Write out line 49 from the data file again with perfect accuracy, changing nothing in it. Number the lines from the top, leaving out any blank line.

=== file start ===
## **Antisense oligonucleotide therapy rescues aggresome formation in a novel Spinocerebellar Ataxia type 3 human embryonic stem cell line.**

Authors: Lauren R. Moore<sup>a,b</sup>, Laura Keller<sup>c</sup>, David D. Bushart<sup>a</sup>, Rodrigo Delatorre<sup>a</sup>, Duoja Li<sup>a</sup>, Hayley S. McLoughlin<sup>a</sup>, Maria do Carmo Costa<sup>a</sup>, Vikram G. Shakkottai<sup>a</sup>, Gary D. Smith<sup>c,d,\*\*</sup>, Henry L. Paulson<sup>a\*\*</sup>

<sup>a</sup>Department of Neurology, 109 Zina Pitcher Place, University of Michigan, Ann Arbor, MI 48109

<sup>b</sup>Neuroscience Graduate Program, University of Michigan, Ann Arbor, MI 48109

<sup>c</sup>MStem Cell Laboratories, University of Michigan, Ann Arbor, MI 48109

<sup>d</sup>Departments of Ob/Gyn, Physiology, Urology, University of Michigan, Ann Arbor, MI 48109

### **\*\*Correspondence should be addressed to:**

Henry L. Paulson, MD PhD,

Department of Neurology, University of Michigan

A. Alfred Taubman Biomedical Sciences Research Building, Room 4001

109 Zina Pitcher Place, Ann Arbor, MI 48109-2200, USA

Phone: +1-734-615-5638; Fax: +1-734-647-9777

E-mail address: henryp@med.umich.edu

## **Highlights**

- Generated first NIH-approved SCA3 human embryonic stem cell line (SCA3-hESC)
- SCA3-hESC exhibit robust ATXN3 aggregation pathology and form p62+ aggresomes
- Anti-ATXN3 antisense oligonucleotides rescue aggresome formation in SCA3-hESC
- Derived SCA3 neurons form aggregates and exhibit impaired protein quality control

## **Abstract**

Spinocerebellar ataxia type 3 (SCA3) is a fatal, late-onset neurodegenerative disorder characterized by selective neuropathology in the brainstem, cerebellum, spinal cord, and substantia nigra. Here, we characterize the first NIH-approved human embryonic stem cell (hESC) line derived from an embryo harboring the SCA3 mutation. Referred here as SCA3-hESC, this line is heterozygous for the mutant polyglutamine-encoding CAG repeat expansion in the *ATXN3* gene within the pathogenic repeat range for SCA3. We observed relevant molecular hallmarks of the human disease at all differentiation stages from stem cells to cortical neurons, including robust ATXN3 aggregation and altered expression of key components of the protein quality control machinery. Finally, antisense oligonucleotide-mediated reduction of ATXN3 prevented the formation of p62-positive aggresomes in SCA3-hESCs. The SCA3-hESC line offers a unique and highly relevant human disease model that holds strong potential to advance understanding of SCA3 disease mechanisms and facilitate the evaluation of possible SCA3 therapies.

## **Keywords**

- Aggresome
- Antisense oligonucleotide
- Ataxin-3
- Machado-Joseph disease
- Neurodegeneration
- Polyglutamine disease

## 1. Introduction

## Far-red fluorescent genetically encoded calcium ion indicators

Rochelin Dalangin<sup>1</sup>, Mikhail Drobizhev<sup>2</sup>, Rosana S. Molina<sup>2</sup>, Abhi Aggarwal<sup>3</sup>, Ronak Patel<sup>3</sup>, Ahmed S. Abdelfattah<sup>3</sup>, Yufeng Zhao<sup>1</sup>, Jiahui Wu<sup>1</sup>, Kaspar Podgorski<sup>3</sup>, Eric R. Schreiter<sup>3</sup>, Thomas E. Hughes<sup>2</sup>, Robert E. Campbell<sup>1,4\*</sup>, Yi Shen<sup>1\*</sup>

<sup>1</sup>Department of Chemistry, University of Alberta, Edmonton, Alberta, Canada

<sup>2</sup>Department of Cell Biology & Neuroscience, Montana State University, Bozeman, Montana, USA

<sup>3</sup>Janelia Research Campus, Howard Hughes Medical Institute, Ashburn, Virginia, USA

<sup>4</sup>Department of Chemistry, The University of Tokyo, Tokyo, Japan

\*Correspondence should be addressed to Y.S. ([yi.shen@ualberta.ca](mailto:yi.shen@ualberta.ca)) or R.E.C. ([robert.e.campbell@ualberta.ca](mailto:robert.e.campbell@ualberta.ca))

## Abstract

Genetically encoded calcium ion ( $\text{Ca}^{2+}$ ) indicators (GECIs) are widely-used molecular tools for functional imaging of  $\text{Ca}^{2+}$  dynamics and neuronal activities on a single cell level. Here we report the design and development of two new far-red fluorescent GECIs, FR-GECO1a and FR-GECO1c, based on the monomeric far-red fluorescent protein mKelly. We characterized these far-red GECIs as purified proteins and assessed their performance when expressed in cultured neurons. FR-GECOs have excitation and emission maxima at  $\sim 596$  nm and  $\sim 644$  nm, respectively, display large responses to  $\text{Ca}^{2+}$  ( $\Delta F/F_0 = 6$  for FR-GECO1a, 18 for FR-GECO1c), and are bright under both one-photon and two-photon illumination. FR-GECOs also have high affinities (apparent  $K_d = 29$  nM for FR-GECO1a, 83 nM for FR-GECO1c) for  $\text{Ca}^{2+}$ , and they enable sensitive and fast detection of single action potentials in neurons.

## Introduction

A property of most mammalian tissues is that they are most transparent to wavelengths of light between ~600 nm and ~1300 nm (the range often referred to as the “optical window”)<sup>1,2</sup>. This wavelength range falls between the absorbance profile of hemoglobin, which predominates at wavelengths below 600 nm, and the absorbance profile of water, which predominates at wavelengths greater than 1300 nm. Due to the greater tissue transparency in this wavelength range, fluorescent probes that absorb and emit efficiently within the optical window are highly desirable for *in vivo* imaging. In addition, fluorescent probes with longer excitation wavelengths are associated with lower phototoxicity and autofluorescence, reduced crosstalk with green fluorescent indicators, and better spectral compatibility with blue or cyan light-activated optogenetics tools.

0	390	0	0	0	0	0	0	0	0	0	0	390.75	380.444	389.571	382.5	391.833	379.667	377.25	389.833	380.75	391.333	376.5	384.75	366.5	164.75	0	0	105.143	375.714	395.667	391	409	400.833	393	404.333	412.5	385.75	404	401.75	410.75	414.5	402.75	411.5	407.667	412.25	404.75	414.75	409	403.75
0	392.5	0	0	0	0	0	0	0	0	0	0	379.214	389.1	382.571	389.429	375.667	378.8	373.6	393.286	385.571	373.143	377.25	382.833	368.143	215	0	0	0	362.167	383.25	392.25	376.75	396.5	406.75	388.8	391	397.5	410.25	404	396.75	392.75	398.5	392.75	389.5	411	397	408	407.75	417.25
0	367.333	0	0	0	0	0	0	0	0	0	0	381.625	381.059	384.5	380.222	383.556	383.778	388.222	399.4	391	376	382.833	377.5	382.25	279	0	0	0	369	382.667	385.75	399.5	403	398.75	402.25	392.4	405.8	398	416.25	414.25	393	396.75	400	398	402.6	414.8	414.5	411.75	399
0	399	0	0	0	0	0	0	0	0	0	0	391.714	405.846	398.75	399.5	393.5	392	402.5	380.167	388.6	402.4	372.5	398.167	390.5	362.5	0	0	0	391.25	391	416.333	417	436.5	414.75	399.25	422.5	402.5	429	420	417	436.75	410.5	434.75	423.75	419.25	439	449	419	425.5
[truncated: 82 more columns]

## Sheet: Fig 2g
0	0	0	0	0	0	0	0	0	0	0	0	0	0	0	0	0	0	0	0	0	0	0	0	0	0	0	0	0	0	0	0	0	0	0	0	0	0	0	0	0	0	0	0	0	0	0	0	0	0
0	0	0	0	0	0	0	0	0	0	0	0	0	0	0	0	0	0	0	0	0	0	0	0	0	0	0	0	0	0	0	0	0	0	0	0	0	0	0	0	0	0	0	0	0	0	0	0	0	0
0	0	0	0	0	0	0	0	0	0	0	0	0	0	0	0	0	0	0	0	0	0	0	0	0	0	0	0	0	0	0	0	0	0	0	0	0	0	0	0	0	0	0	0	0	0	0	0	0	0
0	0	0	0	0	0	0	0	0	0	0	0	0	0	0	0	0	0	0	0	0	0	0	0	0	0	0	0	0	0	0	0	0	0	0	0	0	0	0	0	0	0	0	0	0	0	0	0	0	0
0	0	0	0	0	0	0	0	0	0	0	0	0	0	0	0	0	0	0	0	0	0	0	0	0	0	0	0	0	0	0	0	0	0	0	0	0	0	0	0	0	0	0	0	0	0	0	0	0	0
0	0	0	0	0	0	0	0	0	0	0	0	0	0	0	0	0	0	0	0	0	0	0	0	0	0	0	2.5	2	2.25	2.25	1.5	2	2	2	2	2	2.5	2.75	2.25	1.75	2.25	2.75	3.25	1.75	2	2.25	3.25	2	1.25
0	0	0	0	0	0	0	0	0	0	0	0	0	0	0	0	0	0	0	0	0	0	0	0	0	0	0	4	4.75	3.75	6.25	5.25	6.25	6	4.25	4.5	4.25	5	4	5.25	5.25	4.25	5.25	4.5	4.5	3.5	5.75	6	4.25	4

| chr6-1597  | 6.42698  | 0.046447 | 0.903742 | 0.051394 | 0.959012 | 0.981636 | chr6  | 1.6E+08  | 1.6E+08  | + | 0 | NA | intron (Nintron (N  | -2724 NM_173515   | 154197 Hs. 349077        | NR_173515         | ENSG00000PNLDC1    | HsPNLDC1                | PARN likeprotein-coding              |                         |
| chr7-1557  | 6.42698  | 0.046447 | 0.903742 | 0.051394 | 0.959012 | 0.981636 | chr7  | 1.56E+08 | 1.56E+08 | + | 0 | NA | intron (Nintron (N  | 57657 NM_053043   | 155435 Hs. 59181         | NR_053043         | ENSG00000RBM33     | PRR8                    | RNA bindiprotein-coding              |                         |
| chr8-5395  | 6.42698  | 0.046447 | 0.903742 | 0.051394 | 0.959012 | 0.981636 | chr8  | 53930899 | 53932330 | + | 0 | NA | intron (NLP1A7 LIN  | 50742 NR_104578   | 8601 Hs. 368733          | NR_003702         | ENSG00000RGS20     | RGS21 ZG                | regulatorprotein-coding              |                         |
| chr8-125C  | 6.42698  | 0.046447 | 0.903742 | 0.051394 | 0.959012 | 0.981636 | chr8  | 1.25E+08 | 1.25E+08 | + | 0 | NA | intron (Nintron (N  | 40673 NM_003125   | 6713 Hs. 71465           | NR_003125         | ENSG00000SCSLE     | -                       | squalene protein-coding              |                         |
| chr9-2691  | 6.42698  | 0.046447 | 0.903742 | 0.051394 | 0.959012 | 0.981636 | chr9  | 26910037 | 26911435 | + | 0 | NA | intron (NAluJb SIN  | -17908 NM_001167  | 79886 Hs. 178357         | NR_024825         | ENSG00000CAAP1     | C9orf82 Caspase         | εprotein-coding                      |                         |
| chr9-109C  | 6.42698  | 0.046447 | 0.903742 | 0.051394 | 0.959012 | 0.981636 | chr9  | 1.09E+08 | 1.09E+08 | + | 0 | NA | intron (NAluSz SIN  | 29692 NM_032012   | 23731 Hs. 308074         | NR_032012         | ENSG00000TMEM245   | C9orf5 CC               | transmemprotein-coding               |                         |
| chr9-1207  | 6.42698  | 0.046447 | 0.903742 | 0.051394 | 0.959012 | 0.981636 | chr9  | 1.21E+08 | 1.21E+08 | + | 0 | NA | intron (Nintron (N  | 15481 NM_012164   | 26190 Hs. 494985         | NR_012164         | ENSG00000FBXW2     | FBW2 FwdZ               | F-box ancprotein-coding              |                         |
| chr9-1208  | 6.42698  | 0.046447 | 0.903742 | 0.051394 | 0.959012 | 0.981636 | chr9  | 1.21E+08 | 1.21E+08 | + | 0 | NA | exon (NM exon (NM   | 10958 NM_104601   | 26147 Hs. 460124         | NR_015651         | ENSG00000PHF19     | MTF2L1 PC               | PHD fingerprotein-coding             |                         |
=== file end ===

0	0	0	0	0	0	0	0	0	0	0	0	0	0	0	0	0	0	0	0	0	0	0	0	0	0	0	0	0	0	0	0	0	0	0	0	0	0	0	0	0	0	0	0	0	0	0	0	0	0